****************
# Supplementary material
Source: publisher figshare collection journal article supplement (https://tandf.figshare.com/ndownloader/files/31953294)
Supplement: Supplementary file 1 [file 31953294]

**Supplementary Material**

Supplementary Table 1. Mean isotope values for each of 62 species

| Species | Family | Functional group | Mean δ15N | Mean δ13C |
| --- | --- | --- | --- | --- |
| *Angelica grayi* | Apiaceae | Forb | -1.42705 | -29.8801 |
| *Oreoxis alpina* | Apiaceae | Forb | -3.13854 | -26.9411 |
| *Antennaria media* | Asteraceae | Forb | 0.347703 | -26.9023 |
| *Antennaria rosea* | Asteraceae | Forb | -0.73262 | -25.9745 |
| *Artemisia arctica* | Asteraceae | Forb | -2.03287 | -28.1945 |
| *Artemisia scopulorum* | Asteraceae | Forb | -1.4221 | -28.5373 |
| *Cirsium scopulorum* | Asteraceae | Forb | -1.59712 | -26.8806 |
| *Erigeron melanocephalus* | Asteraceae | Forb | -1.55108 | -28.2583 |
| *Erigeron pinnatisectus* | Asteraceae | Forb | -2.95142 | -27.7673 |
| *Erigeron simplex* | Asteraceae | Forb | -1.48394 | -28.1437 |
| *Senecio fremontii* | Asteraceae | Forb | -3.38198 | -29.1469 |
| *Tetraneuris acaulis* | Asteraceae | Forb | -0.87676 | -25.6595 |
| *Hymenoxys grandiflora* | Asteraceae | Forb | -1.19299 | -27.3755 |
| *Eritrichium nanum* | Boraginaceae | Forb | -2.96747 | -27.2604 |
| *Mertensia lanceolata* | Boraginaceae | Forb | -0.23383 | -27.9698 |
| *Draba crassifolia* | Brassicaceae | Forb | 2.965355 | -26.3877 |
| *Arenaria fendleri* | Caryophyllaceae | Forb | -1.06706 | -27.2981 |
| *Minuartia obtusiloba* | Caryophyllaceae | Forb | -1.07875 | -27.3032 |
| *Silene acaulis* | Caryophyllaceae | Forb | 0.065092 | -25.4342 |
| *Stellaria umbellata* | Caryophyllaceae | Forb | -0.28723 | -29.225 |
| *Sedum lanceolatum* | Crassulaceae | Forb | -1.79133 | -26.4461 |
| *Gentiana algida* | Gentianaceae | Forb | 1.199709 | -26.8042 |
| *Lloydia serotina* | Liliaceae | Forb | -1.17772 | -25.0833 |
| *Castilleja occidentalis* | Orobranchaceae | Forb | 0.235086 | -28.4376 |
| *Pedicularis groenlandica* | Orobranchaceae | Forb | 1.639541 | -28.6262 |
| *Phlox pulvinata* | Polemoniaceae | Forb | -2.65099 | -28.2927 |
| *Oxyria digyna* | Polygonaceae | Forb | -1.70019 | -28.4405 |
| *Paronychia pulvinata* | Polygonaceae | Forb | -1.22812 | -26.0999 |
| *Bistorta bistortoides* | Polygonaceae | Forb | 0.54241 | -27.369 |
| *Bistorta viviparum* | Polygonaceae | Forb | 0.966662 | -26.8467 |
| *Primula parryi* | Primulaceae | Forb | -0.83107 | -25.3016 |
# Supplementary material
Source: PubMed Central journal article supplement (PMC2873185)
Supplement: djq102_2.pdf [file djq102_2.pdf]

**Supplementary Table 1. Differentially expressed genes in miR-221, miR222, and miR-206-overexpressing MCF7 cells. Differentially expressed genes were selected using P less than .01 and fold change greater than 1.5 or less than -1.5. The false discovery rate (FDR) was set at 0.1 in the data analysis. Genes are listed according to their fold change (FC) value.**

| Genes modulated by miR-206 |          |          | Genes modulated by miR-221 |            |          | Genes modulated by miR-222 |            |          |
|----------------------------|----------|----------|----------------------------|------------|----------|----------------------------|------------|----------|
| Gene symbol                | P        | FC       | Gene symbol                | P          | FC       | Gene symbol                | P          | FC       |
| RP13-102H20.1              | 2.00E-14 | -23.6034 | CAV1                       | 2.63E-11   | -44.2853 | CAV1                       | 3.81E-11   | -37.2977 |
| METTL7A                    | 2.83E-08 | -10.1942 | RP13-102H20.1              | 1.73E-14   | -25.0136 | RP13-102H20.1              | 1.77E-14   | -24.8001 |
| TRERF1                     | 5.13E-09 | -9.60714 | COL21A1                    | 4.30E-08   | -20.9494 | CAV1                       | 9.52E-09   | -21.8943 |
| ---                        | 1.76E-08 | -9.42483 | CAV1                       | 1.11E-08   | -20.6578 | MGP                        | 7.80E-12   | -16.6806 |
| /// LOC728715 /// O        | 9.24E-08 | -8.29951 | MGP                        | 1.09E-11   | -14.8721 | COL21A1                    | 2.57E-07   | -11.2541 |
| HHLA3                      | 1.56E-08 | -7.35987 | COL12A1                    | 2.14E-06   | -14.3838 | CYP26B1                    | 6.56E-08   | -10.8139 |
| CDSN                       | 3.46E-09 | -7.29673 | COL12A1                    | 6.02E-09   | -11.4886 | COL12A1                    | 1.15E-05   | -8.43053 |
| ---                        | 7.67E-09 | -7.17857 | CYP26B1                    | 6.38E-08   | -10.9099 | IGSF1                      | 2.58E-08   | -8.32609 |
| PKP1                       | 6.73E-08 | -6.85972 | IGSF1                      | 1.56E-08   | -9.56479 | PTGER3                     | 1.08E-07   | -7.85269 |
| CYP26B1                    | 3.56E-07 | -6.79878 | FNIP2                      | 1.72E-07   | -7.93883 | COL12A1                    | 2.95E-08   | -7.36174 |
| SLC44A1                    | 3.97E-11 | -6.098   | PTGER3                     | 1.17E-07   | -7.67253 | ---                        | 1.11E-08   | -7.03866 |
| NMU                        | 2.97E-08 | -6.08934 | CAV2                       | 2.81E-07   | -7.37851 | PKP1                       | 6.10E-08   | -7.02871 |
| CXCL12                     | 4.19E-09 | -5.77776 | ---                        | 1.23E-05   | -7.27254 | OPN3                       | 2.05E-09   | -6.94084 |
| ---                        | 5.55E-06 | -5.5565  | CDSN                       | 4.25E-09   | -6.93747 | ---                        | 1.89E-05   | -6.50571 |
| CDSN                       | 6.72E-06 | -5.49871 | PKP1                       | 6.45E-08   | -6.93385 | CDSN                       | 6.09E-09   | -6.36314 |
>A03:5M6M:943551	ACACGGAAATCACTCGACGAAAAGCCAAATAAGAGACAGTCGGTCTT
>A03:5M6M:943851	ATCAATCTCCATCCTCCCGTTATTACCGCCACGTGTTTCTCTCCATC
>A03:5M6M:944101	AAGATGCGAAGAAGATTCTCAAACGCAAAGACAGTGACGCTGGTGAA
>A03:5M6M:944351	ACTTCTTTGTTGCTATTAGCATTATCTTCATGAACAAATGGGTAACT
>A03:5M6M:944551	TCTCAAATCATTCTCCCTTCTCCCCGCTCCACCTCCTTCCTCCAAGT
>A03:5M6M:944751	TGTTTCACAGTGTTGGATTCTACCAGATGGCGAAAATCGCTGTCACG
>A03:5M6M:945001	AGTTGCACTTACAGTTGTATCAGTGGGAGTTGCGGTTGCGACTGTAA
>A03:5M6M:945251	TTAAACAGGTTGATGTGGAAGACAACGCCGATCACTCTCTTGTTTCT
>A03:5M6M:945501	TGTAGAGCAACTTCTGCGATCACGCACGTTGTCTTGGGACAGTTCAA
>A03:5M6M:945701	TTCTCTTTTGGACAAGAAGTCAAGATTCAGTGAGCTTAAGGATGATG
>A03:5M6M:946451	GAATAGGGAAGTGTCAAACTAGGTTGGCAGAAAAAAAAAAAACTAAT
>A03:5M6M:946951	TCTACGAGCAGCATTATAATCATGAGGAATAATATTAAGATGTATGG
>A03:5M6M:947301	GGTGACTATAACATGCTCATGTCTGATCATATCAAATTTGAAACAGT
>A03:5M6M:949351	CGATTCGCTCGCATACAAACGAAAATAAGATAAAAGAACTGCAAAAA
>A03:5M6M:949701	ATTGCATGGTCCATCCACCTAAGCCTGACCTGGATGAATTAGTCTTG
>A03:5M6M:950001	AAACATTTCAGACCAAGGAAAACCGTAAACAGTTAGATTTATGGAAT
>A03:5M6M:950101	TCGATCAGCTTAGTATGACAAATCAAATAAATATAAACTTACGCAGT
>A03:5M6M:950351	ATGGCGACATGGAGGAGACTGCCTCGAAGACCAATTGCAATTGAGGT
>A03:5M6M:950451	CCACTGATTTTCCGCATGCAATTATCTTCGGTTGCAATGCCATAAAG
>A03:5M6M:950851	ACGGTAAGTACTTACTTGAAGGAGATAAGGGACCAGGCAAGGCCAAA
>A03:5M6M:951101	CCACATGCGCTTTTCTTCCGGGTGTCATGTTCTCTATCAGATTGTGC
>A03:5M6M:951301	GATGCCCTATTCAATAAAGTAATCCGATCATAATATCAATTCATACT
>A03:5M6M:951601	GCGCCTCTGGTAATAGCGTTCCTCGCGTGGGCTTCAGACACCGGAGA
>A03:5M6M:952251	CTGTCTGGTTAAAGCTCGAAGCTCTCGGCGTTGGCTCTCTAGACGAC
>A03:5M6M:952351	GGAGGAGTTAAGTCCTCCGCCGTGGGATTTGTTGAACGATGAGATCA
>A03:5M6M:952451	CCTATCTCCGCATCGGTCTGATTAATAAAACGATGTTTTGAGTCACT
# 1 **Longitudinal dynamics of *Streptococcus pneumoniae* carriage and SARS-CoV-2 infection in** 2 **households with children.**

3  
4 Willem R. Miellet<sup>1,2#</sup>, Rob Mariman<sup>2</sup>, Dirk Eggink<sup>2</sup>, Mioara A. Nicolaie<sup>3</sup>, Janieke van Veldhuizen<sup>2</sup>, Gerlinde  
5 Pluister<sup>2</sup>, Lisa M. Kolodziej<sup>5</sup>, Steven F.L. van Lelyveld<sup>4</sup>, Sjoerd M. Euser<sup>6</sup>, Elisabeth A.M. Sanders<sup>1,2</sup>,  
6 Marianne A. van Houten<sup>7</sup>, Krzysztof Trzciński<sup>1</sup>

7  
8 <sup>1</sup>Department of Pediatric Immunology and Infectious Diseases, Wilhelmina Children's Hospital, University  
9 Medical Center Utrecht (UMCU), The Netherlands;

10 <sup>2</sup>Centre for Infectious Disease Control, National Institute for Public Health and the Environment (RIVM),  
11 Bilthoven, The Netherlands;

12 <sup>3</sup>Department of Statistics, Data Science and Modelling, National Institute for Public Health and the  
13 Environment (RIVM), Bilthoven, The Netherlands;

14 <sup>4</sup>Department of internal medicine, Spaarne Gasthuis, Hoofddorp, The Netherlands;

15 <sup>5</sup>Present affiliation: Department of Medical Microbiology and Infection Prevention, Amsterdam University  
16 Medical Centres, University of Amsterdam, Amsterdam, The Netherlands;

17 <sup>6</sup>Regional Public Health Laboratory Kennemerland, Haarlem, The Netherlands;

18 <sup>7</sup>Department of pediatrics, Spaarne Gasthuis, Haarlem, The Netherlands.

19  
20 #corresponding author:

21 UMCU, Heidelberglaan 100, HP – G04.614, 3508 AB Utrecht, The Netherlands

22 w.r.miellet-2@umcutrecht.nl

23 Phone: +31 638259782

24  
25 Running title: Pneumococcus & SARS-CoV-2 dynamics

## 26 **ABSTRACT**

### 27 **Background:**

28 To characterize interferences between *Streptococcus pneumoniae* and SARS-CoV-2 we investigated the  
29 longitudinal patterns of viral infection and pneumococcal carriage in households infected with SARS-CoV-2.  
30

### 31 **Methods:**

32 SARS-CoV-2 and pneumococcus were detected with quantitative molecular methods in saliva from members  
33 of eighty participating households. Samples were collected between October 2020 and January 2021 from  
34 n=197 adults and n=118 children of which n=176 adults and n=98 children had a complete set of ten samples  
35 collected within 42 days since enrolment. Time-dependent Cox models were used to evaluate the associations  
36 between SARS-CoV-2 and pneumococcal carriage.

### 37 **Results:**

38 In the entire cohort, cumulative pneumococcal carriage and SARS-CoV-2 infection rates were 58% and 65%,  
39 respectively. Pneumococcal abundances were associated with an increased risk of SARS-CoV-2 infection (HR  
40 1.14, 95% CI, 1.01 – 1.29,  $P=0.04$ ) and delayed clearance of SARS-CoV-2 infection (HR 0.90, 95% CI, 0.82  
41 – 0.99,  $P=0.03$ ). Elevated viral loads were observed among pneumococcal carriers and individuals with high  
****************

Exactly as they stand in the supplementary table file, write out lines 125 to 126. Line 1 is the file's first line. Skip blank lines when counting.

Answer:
40 1.14, 95% CI, 1.01 – 1.29,  $P=0.04$ ) and delayed clearance of SARS-CoV-2 infection (HR 0.90, 95% CI, 0.82  
41 – 0.99,  $P=0.03$ ). Elevated viral loads were observed among pneumococcal carriers and individuals with high  